Continue reading Introducing Paige M. Gutenborg
By now, I’m sure you’ve seen Emera’s and my numerous reviews of Isaac Marion‘s works, namely The Inside, Warm Bodies, and Anna. These works are pretty much all highly recommended, and are self-published by Marion (links provided at the bottom of this post). Marion is noted for his strange genre niche that is, for the most part, a mix of horror, weird fiction, and romanticism.
Continue reading Isaac Marion Stash and a Story
In an effort to stave off our ridiculous acquisitions rates, Kakaner and I have undertaken a pact not to buy any more new books until… well, for as long as we can possibly restrain ourselves, and hopefully we’ve actually read the greater part of the books we’ve bought but haven’t yet read. But prior to that, I, of course, bought a lot of books this summer. Ahem. Here are some of the ones that I’m most excited about.
A 1905 (?) edition of Lafcadio Hearn’s A Japanese Miscellany (originally published 1901) – I’ve been wanting to find a copy of his Kwaidan: Stories and Studies of Strange Things for ages, with little luck given his relative obscurity. So I was astonished to see three beautiful, first-edition-or-nearly hardcovers of his works on a shelf at Skyline Books in New York City. No Kwaidan, but this seemed the next best thing. 1905 is pencilled in on the endpapers, but I suspect from this nifty index of Hearn’s work that I have the 1906 edition, which would make it second edition.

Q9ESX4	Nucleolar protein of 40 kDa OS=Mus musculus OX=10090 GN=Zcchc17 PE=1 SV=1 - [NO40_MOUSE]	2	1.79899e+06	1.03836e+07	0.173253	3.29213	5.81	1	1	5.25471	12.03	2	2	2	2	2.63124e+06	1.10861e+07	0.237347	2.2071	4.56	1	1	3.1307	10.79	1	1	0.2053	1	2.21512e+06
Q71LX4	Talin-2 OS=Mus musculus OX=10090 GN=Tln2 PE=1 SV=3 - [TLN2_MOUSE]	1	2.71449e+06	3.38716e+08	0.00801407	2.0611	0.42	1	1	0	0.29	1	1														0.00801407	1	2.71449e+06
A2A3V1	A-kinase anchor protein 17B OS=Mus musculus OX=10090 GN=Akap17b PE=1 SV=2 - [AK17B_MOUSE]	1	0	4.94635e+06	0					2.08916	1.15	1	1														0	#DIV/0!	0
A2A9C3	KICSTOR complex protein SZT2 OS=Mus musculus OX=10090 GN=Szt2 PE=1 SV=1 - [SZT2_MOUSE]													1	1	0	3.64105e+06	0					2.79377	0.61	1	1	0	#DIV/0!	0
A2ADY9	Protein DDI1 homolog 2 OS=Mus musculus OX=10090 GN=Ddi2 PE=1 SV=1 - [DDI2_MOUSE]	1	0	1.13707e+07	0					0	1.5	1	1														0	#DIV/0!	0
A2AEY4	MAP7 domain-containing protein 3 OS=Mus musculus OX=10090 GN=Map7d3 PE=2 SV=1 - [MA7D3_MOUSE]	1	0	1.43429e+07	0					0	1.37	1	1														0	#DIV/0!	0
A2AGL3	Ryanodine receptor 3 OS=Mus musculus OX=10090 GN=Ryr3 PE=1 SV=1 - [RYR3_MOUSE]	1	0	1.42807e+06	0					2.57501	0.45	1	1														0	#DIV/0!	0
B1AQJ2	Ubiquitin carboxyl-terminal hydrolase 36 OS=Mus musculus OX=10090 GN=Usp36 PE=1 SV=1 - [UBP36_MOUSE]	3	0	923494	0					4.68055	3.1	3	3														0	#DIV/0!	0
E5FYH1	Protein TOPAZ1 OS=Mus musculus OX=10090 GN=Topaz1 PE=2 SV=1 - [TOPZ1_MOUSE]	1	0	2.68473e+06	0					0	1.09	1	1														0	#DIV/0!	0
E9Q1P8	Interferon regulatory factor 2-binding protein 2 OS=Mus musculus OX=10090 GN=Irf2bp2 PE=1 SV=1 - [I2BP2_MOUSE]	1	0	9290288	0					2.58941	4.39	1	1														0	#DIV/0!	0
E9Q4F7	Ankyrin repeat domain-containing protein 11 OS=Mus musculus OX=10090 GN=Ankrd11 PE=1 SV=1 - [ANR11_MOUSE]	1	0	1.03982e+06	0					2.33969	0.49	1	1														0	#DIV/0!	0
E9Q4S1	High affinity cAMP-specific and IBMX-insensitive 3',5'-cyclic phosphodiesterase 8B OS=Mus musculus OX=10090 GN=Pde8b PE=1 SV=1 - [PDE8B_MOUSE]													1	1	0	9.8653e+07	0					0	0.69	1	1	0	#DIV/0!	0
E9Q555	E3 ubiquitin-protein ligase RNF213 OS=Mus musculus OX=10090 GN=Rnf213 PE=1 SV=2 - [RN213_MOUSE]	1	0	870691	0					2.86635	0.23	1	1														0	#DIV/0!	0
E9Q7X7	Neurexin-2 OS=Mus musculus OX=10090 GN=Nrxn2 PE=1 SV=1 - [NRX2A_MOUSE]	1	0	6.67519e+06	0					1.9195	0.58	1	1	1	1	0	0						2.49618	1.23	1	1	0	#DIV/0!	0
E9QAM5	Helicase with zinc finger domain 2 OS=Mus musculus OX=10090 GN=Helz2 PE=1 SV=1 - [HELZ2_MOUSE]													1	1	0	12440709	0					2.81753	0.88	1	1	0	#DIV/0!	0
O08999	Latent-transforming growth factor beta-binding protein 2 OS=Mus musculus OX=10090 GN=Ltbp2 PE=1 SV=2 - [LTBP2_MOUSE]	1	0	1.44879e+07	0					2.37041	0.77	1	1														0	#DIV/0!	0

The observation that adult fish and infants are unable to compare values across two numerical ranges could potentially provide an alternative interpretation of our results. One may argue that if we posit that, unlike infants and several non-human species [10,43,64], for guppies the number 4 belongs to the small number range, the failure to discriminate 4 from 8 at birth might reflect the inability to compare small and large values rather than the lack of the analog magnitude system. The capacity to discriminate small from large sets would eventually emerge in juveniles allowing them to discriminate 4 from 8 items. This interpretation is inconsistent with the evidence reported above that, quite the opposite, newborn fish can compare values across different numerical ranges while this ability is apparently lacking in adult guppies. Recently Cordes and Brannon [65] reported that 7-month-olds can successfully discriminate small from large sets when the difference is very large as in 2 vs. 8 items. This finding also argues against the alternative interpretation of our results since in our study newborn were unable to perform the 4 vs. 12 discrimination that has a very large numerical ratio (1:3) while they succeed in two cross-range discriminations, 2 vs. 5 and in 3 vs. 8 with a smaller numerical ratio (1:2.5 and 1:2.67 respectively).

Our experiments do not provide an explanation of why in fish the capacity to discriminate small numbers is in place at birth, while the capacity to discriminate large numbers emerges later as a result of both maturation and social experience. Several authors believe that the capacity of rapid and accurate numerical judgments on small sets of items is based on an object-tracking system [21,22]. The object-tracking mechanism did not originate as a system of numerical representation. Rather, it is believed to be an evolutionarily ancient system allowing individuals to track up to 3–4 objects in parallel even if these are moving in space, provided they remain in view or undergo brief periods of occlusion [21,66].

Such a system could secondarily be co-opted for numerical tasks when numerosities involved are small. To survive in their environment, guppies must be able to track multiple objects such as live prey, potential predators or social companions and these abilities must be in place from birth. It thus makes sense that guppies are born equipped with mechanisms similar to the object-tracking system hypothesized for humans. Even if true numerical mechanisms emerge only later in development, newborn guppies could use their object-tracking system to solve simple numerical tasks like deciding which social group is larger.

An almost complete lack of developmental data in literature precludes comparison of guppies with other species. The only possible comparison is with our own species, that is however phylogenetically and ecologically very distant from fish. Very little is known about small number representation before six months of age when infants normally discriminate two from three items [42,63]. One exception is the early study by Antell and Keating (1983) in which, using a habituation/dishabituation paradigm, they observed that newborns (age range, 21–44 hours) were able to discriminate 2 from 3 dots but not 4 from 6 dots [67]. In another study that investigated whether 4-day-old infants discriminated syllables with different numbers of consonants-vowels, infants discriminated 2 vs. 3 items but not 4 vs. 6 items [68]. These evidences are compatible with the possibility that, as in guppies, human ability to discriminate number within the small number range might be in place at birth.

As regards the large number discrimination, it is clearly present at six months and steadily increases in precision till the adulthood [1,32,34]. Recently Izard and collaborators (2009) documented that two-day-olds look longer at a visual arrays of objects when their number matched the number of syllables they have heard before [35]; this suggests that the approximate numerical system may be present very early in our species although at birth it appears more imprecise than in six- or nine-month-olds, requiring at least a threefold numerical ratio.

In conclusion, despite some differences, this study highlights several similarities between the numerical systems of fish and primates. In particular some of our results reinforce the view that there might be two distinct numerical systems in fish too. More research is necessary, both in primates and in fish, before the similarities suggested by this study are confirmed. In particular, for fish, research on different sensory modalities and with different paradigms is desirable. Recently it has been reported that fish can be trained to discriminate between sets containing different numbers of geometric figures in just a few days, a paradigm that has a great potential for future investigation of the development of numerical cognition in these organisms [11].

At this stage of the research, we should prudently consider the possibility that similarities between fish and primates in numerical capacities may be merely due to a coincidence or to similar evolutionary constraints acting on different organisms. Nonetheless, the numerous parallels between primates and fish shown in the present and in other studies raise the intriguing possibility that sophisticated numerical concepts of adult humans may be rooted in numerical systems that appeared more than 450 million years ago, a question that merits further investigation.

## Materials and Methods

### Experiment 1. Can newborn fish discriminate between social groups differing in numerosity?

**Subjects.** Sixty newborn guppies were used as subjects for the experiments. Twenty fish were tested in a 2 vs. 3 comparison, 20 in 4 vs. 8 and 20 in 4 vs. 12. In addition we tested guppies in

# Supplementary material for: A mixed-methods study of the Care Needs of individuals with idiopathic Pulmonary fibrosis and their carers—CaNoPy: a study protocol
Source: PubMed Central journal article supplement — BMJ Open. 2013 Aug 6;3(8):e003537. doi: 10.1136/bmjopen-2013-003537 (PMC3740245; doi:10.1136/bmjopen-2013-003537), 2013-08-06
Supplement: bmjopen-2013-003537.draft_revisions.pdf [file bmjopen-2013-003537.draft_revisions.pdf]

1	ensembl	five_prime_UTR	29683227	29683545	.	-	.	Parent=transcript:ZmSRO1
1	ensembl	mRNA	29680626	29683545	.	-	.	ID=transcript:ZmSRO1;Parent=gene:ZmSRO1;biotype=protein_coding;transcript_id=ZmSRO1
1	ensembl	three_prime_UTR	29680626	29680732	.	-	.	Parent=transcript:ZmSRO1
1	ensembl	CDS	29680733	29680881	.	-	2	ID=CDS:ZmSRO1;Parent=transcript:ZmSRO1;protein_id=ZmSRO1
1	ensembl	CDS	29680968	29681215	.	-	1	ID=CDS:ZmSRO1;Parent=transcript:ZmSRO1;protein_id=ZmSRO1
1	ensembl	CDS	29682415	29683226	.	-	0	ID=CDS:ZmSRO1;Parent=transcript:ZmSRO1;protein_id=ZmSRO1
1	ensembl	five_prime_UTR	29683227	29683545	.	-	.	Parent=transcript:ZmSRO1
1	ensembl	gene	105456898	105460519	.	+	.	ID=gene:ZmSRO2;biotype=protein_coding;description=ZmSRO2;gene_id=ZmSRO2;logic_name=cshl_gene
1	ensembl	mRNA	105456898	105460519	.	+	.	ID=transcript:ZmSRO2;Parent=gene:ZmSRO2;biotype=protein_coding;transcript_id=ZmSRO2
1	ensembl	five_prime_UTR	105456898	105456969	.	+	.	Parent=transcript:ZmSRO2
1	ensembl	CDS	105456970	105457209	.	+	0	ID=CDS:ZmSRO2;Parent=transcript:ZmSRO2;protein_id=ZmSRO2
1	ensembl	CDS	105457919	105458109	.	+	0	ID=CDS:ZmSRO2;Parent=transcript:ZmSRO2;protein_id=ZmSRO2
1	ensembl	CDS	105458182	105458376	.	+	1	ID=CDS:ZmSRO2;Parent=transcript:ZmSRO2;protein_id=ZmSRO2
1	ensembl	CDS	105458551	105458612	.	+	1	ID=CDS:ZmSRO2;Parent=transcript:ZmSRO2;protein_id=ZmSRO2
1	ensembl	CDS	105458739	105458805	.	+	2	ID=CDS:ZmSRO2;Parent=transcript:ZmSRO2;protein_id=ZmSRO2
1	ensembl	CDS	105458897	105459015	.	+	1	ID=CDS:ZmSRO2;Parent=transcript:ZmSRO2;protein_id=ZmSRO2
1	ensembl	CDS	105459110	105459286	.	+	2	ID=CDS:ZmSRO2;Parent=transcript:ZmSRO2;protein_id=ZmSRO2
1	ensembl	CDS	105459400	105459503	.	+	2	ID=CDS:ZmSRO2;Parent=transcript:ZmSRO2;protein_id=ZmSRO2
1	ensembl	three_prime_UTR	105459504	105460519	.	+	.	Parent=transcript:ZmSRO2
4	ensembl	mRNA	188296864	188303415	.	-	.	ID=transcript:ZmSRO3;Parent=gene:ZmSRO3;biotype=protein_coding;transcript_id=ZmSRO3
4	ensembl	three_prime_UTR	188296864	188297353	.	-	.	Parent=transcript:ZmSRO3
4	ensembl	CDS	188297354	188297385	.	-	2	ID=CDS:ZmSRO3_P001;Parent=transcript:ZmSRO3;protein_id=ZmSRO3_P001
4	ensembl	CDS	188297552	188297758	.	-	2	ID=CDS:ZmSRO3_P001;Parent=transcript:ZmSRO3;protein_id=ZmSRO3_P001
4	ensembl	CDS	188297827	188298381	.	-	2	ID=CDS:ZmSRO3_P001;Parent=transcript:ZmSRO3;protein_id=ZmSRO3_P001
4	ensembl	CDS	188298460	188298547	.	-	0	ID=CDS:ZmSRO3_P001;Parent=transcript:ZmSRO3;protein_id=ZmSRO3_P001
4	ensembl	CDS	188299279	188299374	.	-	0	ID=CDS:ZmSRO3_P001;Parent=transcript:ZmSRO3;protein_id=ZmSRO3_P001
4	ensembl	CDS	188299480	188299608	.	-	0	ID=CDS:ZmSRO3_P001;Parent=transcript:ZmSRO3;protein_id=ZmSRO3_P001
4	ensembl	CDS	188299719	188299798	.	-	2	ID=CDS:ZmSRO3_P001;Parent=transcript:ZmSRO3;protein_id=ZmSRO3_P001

Continue reading New books for August
In May of 2008, Kakaner and I undertook an epic walking tour of Cambridge and Boston bookshops – our goal was to walk from Central to Harvard Square and stop at every bookstore along the way, all in one morning and afternoon.
Our first stop was the Cambridge Salvation Army bookstore, where, if I recall correctly, Kakaner bought one paperback – but for the life of me I can’t recall what. The books were musty and disorganized, but the prices are incredible.
Continue reading The Great Cambridge-Boston bookshop tour